Notably, OFAC did not provide for a transition period as the new rule takes effect, nor is there any mention of a general authorization for companies to end involvement in now-potentially prohibited transactions.

More than ever, companies must focus on conducting appropriate due diligence when operating in the universe of potentially covered persons, entities, or transactions.  Due to the expansion of potentially blocked entities, American companies must determine what policies and procedures need to be in place for vetting would-be business partners before engaging in any transaction, so they do not inadvertently conduct unlawful business with SDNs.

Russian Industry Sector Sanctions

Separately, On August 6, 2014, the U.S. Commerce Department’s Bureau of Industry and Security (BIS) issued a final rule amending the U.S. Export Administration Regulations (EAR) to implement the most aggressive set of export controls against Russia in recent memory.  In short, the new rules will deny export, reexport, and transfer (in-country) licenses for certain dual-use items for use in Russia’s energy sector.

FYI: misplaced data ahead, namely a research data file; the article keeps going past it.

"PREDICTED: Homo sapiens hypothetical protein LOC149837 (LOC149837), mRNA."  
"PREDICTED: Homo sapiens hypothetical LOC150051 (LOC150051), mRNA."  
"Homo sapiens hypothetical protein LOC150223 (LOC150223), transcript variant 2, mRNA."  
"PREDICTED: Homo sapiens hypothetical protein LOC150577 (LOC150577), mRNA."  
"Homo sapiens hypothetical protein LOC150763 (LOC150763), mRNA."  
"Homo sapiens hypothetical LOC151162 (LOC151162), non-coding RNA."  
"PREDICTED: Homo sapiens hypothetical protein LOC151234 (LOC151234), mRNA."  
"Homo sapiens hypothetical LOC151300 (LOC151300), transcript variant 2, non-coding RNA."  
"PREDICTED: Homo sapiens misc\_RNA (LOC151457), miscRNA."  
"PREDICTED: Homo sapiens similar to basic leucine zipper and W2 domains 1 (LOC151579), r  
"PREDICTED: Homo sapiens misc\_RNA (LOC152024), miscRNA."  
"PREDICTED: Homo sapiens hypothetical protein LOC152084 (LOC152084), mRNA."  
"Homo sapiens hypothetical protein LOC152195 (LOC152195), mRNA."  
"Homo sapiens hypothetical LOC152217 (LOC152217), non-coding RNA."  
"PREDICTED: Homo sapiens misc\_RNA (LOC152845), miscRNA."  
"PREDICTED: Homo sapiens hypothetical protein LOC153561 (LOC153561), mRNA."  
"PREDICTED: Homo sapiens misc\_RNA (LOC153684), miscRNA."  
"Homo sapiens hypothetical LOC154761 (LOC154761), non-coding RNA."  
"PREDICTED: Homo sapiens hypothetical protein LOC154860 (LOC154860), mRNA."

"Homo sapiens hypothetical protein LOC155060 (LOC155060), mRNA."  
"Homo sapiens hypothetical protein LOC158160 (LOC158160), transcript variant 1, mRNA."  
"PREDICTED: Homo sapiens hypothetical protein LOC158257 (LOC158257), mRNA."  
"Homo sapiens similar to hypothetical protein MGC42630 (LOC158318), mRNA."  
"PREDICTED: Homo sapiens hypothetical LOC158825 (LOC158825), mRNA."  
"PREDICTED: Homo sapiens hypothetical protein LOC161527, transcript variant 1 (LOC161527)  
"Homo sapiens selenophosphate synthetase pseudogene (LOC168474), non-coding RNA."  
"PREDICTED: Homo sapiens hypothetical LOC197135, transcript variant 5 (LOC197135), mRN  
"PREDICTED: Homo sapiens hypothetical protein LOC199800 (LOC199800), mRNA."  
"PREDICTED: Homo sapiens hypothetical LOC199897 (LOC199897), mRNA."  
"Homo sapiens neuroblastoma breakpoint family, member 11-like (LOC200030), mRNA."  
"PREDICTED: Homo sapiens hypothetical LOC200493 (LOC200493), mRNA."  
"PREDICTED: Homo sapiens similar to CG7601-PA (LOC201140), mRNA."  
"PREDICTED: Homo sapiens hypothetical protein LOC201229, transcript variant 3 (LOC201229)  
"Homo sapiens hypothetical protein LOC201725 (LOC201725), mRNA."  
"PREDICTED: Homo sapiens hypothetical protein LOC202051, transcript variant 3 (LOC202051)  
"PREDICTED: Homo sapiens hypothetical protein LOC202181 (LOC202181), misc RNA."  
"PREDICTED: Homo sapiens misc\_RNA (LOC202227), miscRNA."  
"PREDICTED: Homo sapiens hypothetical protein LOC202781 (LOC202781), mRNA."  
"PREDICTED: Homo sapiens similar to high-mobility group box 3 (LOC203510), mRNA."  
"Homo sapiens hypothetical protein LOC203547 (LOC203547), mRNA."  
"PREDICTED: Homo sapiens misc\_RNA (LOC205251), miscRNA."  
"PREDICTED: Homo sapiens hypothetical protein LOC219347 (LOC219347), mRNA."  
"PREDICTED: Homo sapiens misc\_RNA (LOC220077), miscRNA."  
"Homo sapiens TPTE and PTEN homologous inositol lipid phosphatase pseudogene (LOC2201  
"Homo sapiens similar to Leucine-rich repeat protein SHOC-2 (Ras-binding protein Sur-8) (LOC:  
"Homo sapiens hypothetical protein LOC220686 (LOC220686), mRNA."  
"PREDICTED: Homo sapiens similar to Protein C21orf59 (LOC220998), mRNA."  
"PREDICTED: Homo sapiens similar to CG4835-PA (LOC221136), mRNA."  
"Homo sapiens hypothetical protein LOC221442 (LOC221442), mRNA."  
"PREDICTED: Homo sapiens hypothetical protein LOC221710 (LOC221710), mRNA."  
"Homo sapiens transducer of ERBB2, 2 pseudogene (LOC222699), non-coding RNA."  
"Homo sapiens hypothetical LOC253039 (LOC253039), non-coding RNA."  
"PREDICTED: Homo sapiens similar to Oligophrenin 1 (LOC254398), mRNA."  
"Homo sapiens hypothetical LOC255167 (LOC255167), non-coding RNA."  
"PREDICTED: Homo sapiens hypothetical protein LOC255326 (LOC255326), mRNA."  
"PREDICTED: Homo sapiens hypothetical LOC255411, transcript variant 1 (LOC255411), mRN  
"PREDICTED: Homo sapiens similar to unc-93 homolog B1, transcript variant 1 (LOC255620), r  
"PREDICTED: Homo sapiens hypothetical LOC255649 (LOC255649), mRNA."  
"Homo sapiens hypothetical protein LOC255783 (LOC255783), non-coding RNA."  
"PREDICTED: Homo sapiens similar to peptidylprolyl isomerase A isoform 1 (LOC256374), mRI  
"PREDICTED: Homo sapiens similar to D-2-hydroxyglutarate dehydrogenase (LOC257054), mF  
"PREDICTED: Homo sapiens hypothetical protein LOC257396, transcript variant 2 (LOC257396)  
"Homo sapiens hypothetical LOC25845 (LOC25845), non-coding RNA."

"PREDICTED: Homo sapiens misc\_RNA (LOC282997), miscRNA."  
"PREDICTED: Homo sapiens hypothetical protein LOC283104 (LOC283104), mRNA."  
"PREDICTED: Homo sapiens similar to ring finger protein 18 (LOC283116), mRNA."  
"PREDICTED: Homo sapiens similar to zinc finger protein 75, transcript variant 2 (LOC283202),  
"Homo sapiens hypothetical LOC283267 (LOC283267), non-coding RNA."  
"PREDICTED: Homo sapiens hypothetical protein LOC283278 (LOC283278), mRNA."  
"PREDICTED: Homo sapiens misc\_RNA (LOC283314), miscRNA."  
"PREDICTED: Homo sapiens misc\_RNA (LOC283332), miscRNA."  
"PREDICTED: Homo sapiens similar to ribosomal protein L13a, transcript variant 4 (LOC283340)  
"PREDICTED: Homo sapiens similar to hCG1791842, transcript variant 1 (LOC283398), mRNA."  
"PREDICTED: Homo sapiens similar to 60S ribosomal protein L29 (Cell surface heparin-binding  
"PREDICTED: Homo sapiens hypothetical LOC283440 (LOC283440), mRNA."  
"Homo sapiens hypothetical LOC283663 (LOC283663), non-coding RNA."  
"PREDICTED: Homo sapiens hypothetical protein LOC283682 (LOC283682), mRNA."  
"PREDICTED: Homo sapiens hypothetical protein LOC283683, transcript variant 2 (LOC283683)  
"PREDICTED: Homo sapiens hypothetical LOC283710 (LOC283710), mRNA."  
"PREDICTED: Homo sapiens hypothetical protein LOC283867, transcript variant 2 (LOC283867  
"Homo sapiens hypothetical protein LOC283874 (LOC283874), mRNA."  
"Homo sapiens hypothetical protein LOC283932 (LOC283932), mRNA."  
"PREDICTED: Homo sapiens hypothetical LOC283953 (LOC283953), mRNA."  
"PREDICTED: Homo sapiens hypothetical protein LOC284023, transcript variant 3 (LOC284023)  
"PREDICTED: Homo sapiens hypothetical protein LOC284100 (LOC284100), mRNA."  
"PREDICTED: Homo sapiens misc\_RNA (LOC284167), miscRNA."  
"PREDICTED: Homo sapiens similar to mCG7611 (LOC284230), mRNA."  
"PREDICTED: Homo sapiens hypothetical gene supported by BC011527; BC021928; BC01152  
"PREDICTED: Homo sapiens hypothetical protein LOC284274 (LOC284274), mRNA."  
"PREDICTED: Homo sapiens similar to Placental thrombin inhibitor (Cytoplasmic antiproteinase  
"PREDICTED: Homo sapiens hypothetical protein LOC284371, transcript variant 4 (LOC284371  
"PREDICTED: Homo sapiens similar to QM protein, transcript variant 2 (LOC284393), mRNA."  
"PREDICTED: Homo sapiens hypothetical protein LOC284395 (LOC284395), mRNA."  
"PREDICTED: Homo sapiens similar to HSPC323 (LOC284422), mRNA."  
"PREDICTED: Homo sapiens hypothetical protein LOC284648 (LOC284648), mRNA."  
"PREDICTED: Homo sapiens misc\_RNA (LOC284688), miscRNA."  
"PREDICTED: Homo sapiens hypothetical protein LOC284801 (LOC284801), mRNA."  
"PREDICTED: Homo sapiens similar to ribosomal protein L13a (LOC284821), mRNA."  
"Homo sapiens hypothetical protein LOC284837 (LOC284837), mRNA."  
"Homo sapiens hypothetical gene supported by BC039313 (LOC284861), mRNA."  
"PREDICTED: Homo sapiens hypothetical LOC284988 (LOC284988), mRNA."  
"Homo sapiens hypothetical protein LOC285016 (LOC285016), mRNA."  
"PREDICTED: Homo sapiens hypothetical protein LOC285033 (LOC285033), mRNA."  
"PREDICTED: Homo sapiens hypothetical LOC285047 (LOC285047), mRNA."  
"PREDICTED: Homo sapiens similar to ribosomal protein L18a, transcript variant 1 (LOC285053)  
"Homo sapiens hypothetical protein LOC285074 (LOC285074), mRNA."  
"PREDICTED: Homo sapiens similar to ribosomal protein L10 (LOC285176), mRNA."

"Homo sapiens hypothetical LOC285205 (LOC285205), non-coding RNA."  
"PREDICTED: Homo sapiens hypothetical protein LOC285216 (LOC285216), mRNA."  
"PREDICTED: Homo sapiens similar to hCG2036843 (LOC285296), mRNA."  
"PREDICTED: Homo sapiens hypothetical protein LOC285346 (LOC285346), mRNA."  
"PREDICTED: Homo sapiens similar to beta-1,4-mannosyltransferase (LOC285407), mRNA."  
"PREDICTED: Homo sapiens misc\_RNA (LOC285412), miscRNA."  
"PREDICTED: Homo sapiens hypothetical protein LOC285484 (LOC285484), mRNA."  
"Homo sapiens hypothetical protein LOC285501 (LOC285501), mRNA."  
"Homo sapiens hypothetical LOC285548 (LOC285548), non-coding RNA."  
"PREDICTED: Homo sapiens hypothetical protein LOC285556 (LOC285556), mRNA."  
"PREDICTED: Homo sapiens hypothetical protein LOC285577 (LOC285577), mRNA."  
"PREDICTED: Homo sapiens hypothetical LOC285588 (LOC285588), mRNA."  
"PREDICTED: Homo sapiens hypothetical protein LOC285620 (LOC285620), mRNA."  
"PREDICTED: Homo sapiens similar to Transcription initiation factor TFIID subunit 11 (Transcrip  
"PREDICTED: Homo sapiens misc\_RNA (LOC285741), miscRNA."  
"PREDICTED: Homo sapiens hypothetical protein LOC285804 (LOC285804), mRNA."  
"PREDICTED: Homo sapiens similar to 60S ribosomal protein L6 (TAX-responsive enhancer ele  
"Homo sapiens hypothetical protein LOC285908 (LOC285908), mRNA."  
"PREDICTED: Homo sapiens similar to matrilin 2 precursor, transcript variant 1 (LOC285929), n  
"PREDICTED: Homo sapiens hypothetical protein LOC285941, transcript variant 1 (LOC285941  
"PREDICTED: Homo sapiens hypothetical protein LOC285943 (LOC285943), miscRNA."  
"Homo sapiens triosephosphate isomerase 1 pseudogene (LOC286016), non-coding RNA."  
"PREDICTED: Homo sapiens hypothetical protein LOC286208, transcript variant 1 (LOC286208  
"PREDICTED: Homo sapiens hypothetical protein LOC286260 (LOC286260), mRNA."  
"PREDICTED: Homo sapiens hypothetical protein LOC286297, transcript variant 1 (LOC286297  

Specifically, under the new EAR section 746.5 and amendments to other sections, a license is now required to export, reexport, or transfer (in-country) certain items when the exporter “knows or is informed that the item will be used directly or indirectly in Russia’s energy sector for exploration or production from deepwater …, Arctic offshore, or shale projects in Russia that have the potential to produce oil or gas or is unable to determine whether the item will be used in such projects in Russia.”

The “certain items” referred to in the regulation include two classes of products: (1) any item subject to the EAR listed in Supplement No. 2 to Part 746, including fifty-two specific products listed by Schedule B number; and (2) any item specified in the following Export Control Classification Numbers: 0A998, 1C992, 3A229, 3A231, 3A232, 6A991, 8A992, or 8D999.  BIS includes the following list of illustrative examples of restricted products: “drilling rigs, parts for horizontal drilling, drilling and completion equipment, subsea processing equipment, Arctic-capable marine equipment, wireline and down hole motors and equipment, drill pipe and casing, software for hydraulic fracturing, high pressure pumps, seismic acquisition equipment, remotely operated vehicles, compressors, expanders, valves, and risers.”